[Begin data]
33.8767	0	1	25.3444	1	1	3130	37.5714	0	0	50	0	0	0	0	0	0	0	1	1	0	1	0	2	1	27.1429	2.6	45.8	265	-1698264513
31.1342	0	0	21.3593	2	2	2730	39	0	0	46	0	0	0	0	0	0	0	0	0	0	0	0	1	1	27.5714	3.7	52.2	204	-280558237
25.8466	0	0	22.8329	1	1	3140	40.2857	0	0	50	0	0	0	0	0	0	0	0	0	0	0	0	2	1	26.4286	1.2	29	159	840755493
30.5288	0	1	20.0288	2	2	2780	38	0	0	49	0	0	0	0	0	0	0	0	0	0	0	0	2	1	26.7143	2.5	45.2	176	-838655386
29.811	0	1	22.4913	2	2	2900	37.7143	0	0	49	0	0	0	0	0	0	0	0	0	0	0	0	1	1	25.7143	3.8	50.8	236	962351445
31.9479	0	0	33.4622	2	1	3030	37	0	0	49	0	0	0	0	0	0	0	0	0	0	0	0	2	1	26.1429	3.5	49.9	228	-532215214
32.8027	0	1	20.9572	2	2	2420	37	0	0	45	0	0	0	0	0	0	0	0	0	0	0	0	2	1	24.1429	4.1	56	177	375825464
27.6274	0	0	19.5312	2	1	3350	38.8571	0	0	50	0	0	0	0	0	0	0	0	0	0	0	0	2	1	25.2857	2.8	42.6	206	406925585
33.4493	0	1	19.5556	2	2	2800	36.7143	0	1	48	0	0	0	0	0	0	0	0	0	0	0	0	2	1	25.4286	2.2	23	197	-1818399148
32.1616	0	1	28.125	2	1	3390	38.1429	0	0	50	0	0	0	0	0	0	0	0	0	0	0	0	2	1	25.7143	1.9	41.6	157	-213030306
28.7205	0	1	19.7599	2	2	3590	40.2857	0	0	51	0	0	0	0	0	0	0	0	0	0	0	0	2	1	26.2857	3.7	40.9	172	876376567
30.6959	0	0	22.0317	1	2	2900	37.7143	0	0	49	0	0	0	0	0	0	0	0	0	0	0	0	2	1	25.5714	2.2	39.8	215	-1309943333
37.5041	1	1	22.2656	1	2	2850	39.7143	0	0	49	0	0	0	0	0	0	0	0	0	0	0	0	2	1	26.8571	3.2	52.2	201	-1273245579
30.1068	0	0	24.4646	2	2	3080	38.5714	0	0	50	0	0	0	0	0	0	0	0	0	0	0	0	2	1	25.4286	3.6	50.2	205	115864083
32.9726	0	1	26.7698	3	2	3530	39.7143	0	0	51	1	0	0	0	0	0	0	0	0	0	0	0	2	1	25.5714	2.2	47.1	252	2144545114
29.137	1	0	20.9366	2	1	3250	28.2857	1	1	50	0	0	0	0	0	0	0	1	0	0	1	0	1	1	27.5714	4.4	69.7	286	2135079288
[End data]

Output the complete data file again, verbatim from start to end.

33.8767	0	1	25.3444	1	1	3130	37.5714	0	0	50	0	0	0	0	0	0	0	1	1	0	1	0	2	1	27.1429	2.6	45.8	265	-1698264513
31.1342	0	0	21.3593	2	2	2730	39	0	0	46	0	0	0	0	0	0	0	0	0	0	0	0	1	1	27.5714	3.7	52.2	204	-280558237
25.8466	0	0	22.8329	1	1	3140	40.2857	0	0	50	0	0	0	0	0	0	0	0	0	0	0	0	2	1	26.4286	1.2	29	159	840755493
30.5288	0	1	20.0288	2	2	2780	38	0	0	49	0	0	0	0	0	0	0	0	0	0	0	0	2	1	26.7143	2.5	45.2	176	-838655386
29.811	0	1	22.4913	2	2	2900	37.7143	0	0	49	0	0	0	0	0	0	0	0	0	0	0	0	1	1	25.7143	3.8	50.8	236	962351445
31.9479	0	0	33.4622	2	1	3030	37	0	0	49	0	0	0	0	0	0	0	0	0	0	0	0	2	1	26.1429	3.5	49.9	228	-532215214
32.8027	0	1	20.9572	2	2	2420	37	0	0	45	0	0	0	0	0	0	0	0	0	0	0	0	2	1	24.1429	4.1	56	177	375825464
27.6274	0	0	19.5312	2	1	3350	38.8571	0	0	50	0	0	0	0	0	0	0	0	0	0	0	0	2	1	25.2857	2.8	42.6	206	406925585
33.4493	0	1	19.5556	2	2	2800	36.7143	0	1	48	0	0	0	0	0	0	0	0	0	0	0	0	2	1	25.4286	2.2	23	197	-1818399148
32.1616	0	1	28.125	2	1	3390	38.1429	0	0	50	0	0	0	0	0	0	0	0	0	0	0	0	2	1	25.7143	1.9	41.6	157	-213030306
28.7205	0	1	19.7599	2	2	3590	40.2857	0	0	51	0	0	0	0	0	0	0	0	0	0	0	0	2	1	26.2857	3.7	40.9	172	876376567
30.6959	0	0	22.0317	1	2	2900	37.7143	0	0	49	0	0	0	0	0	0	0	0	0	0	0	0	2	1	25.5714	2.2	39.8	215	-1309943333
37.5041	1	1	22.2656	1	2	2850	39.7143	0	0	49	0	0	0	0	0	0	0	0	0	0	0	0	2	1	26.8571	3.2	52.2	201	-1273245579
30.1068	0	0	24.4646	2	2	3080	38.5714	0	0	50	0	0	0	0	0	0	0	0	0	0	0	0	2	1	25.4286	3.6	50.2	205	115864083
32.9726	0	1	26.7698	3	2	3530	39.7143	0	0	51	1	0	0	0	0	0	0	0	0	0	0	0	2	1	25.5714	2.2	47.1	252	2144545114
29.137	1	0	20.9366	2	1	3250	28.2857	1	1	50	0	0	0	0	0	0	0	1	0	0	1	0	1	1	27.5714	4.4	69.7	286	2135079288